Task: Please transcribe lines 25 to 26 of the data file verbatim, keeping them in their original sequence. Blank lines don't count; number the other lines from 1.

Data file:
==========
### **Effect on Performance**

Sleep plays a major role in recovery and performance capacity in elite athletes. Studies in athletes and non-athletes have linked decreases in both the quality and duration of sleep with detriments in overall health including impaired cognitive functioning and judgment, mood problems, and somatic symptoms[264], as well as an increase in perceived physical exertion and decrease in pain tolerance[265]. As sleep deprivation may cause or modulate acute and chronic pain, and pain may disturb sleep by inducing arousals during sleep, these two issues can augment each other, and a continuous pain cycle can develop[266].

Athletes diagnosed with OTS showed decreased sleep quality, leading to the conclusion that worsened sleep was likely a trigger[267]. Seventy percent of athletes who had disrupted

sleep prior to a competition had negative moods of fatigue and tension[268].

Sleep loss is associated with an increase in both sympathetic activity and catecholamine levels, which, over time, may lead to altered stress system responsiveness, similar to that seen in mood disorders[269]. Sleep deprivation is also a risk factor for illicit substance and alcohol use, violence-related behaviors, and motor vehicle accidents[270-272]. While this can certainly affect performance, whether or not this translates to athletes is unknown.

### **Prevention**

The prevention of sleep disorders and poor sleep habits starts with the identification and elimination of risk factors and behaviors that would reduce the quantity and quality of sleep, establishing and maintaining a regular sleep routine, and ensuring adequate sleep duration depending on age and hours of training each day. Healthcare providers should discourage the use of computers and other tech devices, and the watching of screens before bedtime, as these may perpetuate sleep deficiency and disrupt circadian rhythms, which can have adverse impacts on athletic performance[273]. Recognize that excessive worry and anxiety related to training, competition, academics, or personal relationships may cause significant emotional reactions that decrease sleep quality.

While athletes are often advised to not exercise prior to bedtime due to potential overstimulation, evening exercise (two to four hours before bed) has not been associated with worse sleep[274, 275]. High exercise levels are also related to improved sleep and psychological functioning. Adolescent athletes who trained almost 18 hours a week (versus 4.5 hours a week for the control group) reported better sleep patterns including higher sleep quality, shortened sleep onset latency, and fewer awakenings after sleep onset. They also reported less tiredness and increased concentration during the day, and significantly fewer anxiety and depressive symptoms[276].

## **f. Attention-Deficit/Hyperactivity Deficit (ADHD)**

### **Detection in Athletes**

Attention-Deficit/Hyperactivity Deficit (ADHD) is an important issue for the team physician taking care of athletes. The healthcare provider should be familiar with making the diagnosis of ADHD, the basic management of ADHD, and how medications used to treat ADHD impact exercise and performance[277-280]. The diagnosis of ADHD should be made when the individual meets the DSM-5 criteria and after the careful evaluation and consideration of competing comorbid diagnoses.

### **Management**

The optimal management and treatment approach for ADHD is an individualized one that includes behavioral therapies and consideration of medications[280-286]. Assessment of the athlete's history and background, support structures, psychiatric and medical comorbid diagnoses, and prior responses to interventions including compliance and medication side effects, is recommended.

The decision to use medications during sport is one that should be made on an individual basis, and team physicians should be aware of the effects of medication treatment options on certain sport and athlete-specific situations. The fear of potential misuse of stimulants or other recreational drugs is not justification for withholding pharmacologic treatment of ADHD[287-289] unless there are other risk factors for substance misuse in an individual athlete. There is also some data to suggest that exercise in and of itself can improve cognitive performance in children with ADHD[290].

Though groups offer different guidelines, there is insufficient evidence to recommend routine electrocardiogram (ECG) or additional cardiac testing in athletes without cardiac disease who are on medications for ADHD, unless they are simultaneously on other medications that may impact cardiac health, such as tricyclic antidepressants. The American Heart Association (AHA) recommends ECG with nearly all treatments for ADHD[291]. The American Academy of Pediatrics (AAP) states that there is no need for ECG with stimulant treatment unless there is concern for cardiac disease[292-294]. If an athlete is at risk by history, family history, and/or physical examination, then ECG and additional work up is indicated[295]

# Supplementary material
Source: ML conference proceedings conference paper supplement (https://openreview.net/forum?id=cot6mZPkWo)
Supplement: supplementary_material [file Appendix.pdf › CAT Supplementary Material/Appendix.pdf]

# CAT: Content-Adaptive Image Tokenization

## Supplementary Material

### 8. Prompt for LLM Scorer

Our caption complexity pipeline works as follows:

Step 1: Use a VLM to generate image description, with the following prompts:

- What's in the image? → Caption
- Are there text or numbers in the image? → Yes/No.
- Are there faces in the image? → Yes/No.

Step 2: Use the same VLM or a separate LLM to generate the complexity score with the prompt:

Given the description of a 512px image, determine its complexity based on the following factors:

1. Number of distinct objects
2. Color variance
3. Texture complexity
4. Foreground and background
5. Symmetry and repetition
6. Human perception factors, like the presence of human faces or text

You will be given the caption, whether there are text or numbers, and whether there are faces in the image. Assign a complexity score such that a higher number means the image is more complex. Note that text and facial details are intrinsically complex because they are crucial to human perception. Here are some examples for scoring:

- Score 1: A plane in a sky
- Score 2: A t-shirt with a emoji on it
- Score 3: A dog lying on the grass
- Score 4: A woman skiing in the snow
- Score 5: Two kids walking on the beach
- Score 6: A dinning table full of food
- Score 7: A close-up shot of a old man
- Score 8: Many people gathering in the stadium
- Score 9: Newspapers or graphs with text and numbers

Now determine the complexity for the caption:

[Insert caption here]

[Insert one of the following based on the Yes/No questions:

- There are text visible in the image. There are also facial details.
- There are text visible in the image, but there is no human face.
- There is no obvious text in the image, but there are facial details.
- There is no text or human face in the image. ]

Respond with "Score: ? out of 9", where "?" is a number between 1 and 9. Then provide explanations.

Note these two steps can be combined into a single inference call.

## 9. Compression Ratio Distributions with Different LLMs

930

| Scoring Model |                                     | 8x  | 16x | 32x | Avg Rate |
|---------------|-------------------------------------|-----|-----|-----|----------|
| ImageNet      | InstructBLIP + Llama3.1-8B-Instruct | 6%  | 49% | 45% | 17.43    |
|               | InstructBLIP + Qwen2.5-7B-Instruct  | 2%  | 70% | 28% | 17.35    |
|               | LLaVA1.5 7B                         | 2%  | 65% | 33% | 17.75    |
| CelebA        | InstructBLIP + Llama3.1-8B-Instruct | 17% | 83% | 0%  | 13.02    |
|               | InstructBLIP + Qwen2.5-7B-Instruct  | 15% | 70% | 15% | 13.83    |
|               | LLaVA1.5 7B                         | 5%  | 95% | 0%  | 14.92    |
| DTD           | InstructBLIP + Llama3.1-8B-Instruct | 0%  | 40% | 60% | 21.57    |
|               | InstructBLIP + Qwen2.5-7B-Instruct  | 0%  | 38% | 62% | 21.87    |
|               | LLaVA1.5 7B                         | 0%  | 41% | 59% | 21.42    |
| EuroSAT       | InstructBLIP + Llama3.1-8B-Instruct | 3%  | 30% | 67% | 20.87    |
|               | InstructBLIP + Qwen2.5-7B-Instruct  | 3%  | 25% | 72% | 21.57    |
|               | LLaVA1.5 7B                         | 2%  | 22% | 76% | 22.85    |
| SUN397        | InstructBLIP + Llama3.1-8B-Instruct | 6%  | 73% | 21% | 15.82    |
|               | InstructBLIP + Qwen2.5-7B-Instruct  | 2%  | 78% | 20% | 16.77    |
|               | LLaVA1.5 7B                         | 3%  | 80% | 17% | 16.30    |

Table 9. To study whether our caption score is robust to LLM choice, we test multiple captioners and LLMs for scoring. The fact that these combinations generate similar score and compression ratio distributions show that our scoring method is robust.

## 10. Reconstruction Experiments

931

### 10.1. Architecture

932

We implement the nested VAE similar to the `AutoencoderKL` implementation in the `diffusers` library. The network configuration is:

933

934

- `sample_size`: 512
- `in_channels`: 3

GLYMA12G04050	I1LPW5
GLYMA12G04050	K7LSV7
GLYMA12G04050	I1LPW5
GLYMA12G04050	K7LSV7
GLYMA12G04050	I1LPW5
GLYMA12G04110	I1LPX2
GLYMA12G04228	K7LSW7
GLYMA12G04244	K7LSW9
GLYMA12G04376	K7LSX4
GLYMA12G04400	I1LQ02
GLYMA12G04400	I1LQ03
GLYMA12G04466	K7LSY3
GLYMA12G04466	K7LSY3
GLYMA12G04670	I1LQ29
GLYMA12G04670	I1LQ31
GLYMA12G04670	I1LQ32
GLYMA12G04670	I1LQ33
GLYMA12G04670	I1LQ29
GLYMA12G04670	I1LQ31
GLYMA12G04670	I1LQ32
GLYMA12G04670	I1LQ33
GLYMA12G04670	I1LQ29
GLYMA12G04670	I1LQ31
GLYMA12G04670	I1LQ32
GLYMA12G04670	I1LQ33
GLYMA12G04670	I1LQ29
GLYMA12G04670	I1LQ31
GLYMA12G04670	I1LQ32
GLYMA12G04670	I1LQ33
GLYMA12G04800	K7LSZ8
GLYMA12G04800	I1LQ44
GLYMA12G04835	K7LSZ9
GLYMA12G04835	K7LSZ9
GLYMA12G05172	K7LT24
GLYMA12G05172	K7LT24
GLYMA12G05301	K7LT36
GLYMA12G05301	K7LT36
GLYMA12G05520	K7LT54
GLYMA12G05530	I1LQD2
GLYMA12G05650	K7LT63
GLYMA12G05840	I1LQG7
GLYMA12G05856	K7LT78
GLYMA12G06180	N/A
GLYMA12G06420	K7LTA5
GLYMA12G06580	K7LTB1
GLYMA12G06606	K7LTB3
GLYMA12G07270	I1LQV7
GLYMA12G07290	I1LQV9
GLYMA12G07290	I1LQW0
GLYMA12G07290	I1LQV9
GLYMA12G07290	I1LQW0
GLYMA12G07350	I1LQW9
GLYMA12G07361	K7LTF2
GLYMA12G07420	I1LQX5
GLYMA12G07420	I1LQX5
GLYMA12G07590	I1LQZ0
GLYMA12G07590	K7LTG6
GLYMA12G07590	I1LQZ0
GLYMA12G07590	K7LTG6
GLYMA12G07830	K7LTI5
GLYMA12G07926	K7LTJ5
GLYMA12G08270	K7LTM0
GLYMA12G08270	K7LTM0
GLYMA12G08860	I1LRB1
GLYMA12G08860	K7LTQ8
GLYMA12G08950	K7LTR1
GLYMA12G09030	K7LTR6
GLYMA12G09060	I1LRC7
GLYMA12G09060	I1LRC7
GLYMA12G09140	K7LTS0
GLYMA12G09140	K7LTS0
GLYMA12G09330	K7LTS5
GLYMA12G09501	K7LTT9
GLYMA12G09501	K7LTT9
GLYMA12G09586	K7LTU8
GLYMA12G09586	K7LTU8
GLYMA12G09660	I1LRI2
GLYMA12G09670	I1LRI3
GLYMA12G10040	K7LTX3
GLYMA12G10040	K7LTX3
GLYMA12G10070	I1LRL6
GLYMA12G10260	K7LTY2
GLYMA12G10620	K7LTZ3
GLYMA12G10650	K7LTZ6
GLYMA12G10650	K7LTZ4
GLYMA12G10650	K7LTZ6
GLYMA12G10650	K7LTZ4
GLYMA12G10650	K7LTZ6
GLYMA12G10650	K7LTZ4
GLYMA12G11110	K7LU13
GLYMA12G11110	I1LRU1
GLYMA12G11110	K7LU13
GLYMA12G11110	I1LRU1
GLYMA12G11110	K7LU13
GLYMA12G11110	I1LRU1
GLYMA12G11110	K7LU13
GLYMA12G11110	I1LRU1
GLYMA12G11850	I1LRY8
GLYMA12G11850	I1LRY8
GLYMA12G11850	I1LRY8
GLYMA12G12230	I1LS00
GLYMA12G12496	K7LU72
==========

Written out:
- Are there text or numbers in the image? → Yes/No.
- Are there faces in the image? → Yes/No.